Customers are known to take to social media when they have a problem with a brand, and that includes restaurants. No matter their issue—whether it’s an off taste of a particular dish or a wobbling table at which they’re eating—many will post about it on social media or online review sites. The near-constant seeking and sharing of information is why it’s important for operators to gain control of the customer experience as much as possible.
Even as foodservice establishments become more social media-savvy, providing information and images on their own platforms and engaging and following customers, operators should be thinking holistically about how their offerings and experience will be perceived. Anticipating vulnerabilities has always been a part of successful customer interactions, but it’s even more crucial when guest impressions go wider and longer than ever before in a digital way. Here are a few ways social media can make or break a foodservice brand, and how operators can prevent gaining a bad reputation.
1) Make: All the likes
The upside of social media is the opportunity for people to share positive images and comments about places they visit. Recognizing the influence of Instagram photos and stories, Facebook Live and Snapchat, some operators are even adapting menu trends based on social media potential, according to Technomic’s Take: 7 Key Trends for 2019.
Beyond what’s offered on the menu, an enjoyable experience is also good fodder for social media. Patrons often share their impressions, including everything from the cleanliness to the service and the location and comfort of seating, both in their own posts and as part of reviews shared to a foodservice facility’s site or a third-party review platform, such as Google. If customers have a good time, they’re likely to let people know.
2) Break: Cheers ... and jeers
The downside of customers posting about their experiences constantly is that while it’s a great way to share information about a good time, social media is a public and wide-reaching forum for sharing less-than-satisfactory experiences, too. Think about this new math: If a customer has a bad experience and posts about it to, say, 400 followers, those followers can also share that post. This domino effect can lead to thousands of people reading about a bad experience, all in just a few hours. No operator wants to start the day seeing that their facility has gone viral for a bad reason.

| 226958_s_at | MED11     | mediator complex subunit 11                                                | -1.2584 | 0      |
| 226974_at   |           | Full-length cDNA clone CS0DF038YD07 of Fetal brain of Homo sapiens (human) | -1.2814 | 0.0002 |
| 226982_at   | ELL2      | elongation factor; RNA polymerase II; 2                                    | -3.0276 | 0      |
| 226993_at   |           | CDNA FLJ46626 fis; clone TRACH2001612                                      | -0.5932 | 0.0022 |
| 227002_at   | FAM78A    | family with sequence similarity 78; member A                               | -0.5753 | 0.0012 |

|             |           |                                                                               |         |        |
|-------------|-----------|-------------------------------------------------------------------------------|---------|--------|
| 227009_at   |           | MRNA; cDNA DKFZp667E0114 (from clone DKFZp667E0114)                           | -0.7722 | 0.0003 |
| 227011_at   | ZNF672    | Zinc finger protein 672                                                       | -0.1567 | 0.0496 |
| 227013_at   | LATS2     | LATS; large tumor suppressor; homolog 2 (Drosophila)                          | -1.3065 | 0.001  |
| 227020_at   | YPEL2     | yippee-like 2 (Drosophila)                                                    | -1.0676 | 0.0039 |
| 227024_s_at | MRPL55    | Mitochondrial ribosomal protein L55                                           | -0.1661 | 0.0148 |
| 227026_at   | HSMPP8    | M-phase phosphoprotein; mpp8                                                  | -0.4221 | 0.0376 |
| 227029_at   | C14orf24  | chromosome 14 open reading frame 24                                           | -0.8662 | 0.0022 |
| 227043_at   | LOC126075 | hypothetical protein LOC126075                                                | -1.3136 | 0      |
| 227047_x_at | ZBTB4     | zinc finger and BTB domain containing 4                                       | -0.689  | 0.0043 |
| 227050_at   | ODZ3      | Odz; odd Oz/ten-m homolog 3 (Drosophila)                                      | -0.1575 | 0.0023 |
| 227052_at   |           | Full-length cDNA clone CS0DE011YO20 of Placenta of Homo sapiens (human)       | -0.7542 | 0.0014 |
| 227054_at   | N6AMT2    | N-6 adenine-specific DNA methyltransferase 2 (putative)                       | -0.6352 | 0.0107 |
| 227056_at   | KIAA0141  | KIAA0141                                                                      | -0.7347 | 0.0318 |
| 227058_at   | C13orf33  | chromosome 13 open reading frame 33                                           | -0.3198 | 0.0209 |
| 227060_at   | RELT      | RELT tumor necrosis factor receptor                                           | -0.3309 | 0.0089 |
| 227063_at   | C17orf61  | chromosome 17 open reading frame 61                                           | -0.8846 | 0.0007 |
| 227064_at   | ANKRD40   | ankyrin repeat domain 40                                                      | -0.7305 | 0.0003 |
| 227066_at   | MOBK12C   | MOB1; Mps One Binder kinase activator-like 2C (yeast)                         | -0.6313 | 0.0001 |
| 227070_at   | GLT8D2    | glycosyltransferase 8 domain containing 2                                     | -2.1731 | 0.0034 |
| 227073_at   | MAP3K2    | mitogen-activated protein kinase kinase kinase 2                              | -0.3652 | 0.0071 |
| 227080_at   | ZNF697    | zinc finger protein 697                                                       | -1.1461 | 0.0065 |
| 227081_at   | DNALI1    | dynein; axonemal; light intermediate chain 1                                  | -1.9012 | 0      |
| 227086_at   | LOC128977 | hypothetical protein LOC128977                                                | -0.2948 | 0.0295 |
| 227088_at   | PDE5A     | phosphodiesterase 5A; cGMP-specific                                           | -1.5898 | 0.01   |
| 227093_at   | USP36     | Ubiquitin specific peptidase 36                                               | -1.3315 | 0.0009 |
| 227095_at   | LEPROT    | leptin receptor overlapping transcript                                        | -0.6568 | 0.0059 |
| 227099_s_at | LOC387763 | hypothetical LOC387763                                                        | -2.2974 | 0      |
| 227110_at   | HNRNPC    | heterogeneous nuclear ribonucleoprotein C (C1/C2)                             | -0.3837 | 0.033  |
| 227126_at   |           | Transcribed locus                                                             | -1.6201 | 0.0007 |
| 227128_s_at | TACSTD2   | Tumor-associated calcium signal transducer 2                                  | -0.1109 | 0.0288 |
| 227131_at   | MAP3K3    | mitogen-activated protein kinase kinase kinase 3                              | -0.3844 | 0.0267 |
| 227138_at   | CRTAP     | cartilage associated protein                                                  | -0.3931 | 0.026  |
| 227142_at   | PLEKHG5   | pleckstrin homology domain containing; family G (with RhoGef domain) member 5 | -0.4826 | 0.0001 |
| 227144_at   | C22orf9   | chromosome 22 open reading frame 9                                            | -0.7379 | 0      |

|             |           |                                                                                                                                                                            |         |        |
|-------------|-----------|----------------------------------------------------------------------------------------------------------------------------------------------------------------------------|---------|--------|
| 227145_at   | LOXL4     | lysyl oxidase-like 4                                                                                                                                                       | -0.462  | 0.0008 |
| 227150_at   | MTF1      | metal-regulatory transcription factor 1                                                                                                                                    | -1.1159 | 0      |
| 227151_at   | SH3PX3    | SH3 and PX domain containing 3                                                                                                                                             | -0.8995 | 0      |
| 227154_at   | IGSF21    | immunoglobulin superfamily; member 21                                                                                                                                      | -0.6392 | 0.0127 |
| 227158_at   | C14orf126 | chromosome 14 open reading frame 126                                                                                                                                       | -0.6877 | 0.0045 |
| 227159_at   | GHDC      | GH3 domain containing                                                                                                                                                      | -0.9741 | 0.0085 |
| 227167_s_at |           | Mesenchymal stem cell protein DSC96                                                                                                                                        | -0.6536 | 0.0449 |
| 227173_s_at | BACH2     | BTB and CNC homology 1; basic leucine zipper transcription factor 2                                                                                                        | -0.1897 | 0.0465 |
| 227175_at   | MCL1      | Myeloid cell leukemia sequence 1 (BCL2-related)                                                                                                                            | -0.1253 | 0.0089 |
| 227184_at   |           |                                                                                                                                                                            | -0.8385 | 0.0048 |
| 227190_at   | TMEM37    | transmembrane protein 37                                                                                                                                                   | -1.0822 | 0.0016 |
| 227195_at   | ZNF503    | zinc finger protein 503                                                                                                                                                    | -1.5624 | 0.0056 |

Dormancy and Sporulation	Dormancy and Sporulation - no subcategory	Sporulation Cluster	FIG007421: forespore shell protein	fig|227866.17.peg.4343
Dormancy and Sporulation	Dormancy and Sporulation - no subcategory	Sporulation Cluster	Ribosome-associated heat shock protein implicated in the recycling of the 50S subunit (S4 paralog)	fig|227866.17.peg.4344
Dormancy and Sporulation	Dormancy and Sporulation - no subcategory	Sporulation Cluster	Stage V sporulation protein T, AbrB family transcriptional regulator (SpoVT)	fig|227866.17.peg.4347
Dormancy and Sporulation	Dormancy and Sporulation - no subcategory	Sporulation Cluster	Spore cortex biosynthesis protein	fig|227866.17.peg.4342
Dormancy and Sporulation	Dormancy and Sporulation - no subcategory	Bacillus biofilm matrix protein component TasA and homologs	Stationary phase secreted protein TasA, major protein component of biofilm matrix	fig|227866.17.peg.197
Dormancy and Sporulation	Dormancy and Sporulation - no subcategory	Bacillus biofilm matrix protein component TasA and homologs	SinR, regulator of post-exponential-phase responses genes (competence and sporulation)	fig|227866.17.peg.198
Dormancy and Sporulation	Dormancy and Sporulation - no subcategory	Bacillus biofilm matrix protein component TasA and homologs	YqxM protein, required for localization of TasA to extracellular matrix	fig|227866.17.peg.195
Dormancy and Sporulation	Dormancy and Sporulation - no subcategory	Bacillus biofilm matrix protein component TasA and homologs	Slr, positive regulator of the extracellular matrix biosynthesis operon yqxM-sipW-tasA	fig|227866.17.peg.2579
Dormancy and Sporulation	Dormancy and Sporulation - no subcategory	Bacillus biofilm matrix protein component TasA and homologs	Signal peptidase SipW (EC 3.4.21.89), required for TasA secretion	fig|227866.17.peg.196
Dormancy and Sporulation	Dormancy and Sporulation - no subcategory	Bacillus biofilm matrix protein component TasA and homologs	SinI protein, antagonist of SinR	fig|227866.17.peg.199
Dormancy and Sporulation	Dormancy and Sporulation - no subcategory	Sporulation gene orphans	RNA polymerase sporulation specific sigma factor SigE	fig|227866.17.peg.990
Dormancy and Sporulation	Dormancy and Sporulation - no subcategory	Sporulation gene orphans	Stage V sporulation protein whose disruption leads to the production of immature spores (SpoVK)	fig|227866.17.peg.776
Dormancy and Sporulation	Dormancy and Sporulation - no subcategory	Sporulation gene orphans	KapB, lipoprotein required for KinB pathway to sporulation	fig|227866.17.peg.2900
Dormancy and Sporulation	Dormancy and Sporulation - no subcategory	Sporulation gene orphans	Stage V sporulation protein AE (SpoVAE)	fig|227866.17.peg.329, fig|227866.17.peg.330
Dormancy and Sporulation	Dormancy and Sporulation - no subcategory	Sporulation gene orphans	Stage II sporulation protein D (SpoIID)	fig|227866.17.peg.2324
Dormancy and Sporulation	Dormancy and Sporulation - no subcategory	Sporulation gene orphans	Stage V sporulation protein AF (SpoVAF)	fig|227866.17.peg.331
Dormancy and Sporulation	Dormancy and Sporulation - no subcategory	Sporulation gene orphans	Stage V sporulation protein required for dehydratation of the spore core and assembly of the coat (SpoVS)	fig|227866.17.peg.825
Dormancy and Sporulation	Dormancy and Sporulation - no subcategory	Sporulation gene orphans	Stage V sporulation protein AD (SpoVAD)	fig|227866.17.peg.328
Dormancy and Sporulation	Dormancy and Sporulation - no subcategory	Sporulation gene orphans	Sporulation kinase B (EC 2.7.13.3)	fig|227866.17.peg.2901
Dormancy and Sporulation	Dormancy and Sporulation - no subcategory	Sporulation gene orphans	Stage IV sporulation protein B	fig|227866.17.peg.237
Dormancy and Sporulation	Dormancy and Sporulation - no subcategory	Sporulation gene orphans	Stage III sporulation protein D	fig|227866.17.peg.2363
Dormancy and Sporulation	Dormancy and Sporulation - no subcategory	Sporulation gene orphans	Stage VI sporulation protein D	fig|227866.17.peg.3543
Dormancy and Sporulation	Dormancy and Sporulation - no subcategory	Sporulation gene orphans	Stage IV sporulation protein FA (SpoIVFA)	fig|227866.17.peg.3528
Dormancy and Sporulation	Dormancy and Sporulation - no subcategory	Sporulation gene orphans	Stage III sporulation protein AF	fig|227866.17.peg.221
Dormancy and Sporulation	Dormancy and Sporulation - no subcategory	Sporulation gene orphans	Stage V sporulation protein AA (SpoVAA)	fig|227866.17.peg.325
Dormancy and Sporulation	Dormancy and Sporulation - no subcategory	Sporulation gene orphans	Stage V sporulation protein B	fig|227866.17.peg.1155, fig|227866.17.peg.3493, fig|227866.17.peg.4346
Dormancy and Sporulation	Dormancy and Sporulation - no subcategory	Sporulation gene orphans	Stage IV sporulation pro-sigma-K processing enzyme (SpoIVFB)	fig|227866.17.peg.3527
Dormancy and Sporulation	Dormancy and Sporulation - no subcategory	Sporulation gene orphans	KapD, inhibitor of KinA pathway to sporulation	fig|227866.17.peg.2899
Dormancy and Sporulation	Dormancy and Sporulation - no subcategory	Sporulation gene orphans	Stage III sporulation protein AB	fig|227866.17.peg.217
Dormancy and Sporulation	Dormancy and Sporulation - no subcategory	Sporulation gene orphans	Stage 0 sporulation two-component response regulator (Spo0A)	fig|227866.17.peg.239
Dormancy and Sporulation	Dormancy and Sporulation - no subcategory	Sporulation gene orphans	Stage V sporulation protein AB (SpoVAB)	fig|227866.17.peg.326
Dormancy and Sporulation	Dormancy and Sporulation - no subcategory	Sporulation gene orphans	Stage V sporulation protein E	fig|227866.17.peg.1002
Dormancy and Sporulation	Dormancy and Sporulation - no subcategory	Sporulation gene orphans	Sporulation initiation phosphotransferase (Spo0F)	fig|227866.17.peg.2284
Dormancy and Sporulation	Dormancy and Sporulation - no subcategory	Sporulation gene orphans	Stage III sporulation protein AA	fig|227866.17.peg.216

In short, social media platforms can break a brand as much as they can make it, based on the patrons’ experiences.
3) Plan for the whole experience
Just as beautiful, Instagrammable food or a colorful, splashy drink can garner a lot of attention, every part of the dining experience is an opportunity for a pro or a con in the guest’s mind, and it in turn can be picked apart on social media.
For example, the table itself may be just as important as the food and drinks served on it. A survey conducted by YouGov in partnership with FLAT Tech found that 56% of customers would consider not returning to a restaurant if a wobbly table spoiled their experience. And that can be confirmed in just a few seconds on Twitter: A quick search for the phrase “wobbly table” shows just how common the conversation of table neglect is becoming. While wobble tables are a common problem in restaurants, the phenomenon is just as important to prevent in noncommercial foodservice.
Beyond the off-kilter surface that can cause drink spills and more, the ways a foodservice establishment can attempt to fix a wobbly table can also lead to reputation issues. Take, for instance, using a napkin or a few sugar packets hastily stuffed under a table leg. Appearance is everything, from the plate to the floor, and this approach can look sloppy. Customers can see that and, despite every other aspect of their service being great, fixate on how it looks to have what may look like garbage or debris holding up their table. That’s not a good look. Thankfully, there’s an easy fix.
4) Proactively protect the brand
Rather than take their chances to see if a wobbly table or chair has caused a discontent guest to take to social media to vent their frustration or disappointment, foodservice establishments should be proactive in stabilizing and aligning tables and chairs to prevent unnecessary complaints and messes.
Simply using a self-stabilizing FLAT table base or FLAT Equalizers can save headache-causing, revenue-impacting social media negativity later on. Shift the focus for more likes—and more repeat visits.
In addition to making corrections and changes in the moment, it’s also important for foodservice operators to remember to be continually present on social media. Listen to customers when they tweet, post or comment on their experience and interact with them to mitigate any dissatisfaction. Connections matter—both in the front of the house and in front of the screen.
To learn more about how fixing issues related to the guest experience, including wobbly tables, can protect a foodservice brand, visit flattech.com.